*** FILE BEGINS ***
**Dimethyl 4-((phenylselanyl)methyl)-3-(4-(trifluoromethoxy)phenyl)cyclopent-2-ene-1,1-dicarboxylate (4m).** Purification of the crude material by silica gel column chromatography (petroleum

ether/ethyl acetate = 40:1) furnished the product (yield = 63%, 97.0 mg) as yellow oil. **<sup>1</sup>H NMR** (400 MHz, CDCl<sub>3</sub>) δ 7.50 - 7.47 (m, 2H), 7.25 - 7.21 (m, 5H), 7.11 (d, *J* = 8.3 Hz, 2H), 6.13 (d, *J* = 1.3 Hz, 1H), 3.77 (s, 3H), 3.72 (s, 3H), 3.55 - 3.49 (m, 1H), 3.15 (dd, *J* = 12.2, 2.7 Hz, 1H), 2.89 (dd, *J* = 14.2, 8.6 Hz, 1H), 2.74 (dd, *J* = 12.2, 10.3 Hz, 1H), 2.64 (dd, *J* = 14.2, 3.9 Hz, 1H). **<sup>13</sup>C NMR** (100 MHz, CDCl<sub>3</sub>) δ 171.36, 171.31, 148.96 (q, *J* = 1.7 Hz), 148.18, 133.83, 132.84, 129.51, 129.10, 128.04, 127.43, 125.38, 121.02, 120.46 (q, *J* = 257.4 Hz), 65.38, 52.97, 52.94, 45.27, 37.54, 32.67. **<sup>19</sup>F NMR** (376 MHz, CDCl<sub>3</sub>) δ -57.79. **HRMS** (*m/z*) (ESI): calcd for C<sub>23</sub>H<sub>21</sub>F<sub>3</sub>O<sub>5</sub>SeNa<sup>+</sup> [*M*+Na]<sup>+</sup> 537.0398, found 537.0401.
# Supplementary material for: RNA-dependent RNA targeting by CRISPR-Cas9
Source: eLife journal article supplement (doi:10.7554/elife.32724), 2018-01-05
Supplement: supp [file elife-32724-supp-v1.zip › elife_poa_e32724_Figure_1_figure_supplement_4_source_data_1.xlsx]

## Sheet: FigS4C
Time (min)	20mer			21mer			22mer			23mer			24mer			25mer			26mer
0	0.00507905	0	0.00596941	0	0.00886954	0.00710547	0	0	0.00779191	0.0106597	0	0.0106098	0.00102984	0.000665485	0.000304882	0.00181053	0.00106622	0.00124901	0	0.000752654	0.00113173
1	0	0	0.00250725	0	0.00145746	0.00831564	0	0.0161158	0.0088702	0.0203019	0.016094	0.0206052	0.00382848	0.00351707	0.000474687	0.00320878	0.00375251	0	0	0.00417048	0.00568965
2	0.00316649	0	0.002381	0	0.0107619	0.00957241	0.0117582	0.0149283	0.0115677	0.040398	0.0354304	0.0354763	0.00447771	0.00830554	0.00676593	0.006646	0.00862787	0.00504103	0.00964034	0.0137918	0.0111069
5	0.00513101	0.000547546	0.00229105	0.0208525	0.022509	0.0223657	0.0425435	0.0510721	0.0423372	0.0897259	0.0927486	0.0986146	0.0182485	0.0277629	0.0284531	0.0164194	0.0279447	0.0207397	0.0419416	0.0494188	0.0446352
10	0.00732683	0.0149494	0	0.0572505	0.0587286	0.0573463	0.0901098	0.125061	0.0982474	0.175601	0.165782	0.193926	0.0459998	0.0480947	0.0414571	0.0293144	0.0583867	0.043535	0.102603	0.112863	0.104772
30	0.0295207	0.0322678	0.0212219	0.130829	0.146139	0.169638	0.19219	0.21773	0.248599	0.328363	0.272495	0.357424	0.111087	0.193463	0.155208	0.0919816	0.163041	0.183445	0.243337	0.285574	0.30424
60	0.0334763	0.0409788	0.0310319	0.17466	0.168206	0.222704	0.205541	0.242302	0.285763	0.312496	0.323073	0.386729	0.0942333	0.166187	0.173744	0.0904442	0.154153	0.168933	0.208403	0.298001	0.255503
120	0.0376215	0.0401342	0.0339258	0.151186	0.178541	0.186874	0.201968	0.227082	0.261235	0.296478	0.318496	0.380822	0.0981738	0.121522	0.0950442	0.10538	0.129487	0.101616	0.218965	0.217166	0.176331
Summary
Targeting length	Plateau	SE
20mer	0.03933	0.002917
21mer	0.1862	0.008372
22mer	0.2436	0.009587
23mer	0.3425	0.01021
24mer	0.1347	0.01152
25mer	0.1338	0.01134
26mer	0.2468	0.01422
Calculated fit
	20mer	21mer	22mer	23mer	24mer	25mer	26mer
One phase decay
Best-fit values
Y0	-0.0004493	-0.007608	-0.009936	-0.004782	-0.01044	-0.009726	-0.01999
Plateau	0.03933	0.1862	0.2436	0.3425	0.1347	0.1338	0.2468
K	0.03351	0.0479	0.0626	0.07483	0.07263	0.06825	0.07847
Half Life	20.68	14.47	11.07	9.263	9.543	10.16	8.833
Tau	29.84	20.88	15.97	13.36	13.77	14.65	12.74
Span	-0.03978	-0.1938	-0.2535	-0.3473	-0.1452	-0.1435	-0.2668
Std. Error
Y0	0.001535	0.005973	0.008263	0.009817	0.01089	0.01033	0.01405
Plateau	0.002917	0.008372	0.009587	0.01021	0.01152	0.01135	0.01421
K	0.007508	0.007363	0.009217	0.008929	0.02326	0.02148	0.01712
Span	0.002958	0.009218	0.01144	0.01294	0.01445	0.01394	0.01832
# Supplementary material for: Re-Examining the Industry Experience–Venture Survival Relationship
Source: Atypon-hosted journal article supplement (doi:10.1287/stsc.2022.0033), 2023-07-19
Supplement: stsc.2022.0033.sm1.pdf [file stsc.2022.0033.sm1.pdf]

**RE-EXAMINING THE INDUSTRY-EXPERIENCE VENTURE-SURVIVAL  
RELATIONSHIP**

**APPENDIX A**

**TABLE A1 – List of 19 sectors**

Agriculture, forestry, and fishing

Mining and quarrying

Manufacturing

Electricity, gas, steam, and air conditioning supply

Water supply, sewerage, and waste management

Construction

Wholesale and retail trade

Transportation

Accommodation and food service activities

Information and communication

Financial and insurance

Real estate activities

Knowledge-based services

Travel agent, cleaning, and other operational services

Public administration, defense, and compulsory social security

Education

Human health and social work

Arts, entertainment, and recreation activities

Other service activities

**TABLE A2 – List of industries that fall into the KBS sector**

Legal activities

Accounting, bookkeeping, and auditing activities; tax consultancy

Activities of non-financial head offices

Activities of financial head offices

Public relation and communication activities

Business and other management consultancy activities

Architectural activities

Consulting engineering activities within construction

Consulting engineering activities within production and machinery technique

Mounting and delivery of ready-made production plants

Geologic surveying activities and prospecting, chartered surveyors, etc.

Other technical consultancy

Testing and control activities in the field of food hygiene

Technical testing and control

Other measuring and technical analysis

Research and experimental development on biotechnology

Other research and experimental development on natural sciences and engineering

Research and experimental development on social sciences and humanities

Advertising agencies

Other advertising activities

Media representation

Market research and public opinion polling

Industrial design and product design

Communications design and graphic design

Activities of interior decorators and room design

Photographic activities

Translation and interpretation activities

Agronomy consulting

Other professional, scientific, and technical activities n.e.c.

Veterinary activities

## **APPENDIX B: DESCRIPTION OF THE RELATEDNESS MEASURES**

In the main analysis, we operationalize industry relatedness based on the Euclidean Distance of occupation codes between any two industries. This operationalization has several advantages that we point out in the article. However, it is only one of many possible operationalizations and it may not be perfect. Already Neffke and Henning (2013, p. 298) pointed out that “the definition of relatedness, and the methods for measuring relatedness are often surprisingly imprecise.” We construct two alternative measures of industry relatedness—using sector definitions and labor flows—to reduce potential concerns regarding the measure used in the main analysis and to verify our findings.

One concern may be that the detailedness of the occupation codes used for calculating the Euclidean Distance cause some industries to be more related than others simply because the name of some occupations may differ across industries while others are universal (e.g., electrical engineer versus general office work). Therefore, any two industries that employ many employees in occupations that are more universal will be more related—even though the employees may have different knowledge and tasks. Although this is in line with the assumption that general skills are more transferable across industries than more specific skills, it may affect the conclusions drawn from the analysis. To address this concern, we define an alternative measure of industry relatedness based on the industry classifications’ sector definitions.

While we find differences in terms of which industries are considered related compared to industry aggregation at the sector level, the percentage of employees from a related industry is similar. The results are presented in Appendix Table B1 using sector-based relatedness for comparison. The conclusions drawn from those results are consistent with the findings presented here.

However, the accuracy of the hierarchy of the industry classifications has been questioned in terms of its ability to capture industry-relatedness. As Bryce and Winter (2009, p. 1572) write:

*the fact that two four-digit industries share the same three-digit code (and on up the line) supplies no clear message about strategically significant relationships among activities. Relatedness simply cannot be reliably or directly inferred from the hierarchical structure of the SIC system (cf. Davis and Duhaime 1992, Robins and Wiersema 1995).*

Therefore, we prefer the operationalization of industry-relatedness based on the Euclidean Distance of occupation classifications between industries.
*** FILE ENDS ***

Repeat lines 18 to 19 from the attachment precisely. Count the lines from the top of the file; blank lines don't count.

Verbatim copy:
20mer	0.03933	0.002917
21mer	0.1862	0.008372